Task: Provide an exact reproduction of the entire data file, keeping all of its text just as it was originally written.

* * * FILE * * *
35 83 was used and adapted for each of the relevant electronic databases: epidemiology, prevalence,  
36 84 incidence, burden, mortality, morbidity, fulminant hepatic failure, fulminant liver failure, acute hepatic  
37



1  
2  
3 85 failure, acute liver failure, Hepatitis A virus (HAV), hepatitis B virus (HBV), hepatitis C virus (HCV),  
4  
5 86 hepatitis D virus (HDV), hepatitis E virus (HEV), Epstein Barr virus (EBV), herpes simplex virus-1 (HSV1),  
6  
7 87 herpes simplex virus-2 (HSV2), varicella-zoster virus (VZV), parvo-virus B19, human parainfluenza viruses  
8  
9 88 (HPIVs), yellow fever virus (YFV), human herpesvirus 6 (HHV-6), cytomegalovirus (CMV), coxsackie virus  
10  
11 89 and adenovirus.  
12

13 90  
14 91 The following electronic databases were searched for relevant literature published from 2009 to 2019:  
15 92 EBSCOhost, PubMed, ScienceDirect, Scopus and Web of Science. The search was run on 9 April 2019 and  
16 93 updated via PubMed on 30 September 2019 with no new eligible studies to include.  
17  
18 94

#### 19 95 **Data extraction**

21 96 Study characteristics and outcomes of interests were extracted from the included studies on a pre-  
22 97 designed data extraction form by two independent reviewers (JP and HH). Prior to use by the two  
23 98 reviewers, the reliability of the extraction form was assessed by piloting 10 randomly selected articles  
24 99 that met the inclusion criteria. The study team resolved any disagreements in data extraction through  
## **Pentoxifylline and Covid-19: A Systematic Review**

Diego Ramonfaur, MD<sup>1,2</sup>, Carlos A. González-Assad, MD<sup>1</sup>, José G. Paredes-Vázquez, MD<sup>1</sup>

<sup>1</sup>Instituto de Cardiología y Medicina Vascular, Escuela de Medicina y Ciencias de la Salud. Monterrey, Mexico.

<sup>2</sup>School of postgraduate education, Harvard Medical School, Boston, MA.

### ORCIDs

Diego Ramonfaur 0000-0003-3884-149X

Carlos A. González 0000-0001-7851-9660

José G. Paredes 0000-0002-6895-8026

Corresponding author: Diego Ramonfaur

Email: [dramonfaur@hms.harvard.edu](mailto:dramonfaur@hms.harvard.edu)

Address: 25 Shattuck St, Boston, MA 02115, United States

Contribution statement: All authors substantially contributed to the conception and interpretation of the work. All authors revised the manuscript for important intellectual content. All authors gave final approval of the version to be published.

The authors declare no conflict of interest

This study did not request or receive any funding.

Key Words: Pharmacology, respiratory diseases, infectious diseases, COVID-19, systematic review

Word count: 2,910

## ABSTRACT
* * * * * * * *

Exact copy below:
35 83 was used and adapted for each of the relevant electronic databases: epidemiology, prevalence,  
36 84 incidence, burden, mortality, morbidity, fulminant hepatic failure, fulminant liver failure, acute hepatic  
37



1  
2  
3 85 failure, acute liver failure, Hepatitis A virus (HAV), hepatitis B virus (HBV), hepatitis C virus (HCV),  
4  
5 86 hepatitis D virus (HDV), hepatitis E virus (HEV), Epstein Barr virus (EBV), herpes simplex virus-1 (HSV1),  
6  
7 87 herpes simplex virus-2 (HSV2), varicella-zoster virus (VZV), parvo-virus B19, human parainfluenza viruses  
8  
9 88 (HPIVs), yellow fever virus (YFV), human herpesvirus 6 (HHV-6), cytomegalovirus (CMV), coxsackie virus  
10  
11 89 and adenovirus.  
12

13 90  
14 91 The following electronic databases were searched for relevant literature published from 2009 to 2019:  
15 92 EBSCOhost, PubMed, ScienceDirect, Scopus and Web of Science. The search was run on 9 April 2019 and  
16 93 updated via PubMed on 30 September 2019 with no new eligible studies to include.  
17  
18 94

#### 19 95 **Data extraction**

21 96 Study characteristics and outcomes of interests were extracted from the included studies on a pre-  
22 97 designed data extraction form by two independent reviewers (JP and HH). Prior to use by the two  
23 98 reviewers, the reliability of the extraction form was assessed by piloting 10 randomly selected articles  
24 99 that met the inclusion criteria. The study team resolved any disagreements in data extraction through  
## **Pentoxifylline and Covid-19: A Systematic Review**

Diego Ramonfaur, MD<sup>1,2</sup>, Carlos A. González-Assad, MD<sup>1</sup>, José G. Paredes-Vázquez, MD<sup>1</sup>

<sup>1</sup>Instituto de Cardiología y Medicina Vascular, Escuela de Medicina y Ciencias de la Salud. Monterrey, Mexico.

<sup>2</sup>School of postgraduate education, Harvard Medical School, Boston, MA.

### ORCIDs

Diego Ramonfaur 0000-0003-3884-149X

Carlos A. González 0000-0001-7851-9660

José G. Paredes 0000-0002-6895-8026

Corresponding author: Diego Ramonfaur

Email: [dramonfaur@hms.harvard.edu](mailto:dramonfaur@hms.harvard.edu)

Address: 25 Shattuck St, Boston, MA 02115, United States

Contribution statement: All authors substantially contributed to the conception and interpretation of the work. All authors revised the manuscript for important intellectual content. All authors gave final approval of the version to be published.

The authors declare no conflict of interest

This study did not request or receive any funding.

Key Words: Pharmacology, respiratory diseases, infectious diseases, COVID-19, systematic review

Word count: 2,910

## ABSTRACT